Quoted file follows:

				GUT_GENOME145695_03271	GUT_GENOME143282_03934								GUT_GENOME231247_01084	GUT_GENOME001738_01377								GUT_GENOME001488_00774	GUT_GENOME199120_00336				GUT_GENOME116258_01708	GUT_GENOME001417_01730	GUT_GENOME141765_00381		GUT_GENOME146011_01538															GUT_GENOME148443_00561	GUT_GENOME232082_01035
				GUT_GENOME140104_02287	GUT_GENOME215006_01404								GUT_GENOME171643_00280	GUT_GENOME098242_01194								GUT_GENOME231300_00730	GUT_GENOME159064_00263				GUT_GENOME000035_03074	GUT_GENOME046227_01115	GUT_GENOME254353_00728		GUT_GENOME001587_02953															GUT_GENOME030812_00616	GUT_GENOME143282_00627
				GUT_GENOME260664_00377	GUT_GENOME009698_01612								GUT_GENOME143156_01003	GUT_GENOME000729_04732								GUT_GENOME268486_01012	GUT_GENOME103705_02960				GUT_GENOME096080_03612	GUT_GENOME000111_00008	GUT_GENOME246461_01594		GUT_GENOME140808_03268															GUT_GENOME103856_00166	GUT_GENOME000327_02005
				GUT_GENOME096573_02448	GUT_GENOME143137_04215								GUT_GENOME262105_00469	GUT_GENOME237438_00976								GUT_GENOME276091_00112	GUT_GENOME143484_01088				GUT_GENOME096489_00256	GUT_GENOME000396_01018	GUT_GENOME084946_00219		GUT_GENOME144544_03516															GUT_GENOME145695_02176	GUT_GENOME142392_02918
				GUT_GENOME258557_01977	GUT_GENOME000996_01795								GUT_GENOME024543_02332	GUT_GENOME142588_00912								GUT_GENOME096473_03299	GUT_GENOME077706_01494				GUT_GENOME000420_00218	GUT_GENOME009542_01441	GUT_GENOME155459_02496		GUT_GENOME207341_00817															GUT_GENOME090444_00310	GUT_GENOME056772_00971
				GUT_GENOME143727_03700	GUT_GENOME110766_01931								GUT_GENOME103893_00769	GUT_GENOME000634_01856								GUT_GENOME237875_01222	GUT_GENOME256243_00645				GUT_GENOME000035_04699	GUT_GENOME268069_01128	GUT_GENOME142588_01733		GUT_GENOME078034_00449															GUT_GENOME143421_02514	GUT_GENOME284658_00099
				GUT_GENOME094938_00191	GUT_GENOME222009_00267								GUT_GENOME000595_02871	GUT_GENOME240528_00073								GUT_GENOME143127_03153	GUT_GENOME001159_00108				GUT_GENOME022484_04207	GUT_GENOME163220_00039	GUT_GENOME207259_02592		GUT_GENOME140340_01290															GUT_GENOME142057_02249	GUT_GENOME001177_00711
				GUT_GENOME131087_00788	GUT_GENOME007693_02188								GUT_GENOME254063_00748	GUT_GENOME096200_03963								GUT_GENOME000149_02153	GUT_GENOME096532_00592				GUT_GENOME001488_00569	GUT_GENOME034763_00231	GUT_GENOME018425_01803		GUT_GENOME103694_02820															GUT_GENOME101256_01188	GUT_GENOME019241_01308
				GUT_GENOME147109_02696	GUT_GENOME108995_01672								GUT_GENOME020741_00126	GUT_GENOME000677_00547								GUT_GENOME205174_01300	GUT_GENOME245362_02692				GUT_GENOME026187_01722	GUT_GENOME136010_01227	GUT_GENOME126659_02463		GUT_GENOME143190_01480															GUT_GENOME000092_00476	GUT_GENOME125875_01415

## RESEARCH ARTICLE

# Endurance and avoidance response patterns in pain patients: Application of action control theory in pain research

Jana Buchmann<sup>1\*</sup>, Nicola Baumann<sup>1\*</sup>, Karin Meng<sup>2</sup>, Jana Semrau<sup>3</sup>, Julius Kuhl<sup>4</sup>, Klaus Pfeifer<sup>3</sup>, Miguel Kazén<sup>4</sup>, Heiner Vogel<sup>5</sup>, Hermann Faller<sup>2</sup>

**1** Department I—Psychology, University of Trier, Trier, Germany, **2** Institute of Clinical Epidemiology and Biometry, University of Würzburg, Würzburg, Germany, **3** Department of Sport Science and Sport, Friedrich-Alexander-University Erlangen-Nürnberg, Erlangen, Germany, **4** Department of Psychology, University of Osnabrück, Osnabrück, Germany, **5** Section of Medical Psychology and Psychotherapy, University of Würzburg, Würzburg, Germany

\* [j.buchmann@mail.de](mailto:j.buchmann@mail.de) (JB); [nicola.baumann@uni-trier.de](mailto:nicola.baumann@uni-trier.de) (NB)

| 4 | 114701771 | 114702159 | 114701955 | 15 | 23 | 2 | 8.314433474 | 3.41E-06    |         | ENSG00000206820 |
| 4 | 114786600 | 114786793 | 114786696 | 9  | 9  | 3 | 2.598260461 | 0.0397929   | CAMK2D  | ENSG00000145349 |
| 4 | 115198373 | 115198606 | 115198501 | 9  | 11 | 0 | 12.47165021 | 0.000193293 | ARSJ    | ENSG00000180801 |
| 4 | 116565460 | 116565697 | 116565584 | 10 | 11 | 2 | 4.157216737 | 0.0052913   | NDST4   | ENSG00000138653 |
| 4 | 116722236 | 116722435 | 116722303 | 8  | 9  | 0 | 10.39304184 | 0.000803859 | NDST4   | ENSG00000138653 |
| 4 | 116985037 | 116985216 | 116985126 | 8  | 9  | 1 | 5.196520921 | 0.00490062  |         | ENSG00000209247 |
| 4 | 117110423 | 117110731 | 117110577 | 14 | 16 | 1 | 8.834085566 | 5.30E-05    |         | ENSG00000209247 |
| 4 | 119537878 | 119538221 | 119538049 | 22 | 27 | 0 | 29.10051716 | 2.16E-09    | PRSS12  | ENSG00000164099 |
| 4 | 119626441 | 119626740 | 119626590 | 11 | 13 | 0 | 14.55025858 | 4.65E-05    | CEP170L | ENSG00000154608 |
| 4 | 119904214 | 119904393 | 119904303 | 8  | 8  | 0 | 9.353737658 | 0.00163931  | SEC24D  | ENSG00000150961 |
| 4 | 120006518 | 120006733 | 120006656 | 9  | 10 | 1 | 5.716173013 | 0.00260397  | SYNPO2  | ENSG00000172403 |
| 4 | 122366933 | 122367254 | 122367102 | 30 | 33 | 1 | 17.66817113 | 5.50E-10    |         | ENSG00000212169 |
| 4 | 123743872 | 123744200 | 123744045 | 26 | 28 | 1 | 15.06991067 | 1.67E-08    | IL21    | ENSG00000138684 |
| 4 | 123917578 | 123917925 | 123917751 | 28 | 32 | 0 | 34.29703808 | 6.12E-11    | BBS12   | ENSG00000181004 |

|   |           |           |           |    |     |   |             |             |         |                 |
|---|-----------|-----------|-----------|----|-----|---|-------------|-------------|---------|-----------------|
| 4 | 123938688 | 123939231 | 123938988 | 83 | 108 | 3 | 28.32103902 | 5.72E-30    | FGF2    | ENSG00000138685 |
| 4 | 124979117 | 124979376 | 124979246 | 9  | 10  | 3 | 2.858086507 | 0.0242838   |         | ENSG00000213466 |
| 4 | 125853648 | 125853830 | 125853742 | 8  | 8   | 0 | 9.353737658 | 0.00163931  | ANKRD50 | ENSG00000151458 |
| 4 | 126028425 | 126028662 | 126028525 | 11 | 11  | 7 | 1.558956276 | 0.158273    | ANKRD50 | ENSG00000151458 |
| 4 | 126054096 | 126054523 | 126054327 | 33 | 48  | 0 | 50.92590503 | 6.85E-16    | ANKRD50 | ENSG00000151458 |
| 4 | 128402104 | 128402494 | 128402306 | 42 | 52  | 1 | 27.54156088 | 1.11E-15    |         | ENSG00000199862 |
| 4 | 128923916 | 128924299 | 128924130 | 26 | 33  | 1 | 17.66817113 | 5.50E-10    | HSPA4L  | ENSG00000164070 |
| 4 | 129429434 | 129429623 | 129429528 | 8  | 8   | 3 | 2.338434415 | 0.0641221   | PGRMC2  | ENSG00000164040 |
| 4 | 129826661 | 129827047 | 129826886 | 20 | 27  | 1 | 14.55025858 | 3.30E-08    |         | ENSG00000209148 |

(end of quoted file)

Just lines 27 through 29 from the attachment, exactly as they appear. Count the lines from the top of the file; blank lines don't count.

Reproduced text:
| 4 | 123743872 | 123744200 | 123744045 | 26 | 28 | 1 | 15.06991067 | 1.67E-08    | IL21    | ENSG00000138684 |
| 4 | 123917578 | 123917925 | 123917751 | 28 | 32 | 0 | 34.29703808 | 6.12E-11    | BBS12   | ENSG00000181004 |

|   |           |           |           |    |     |   |             |             |         |                 |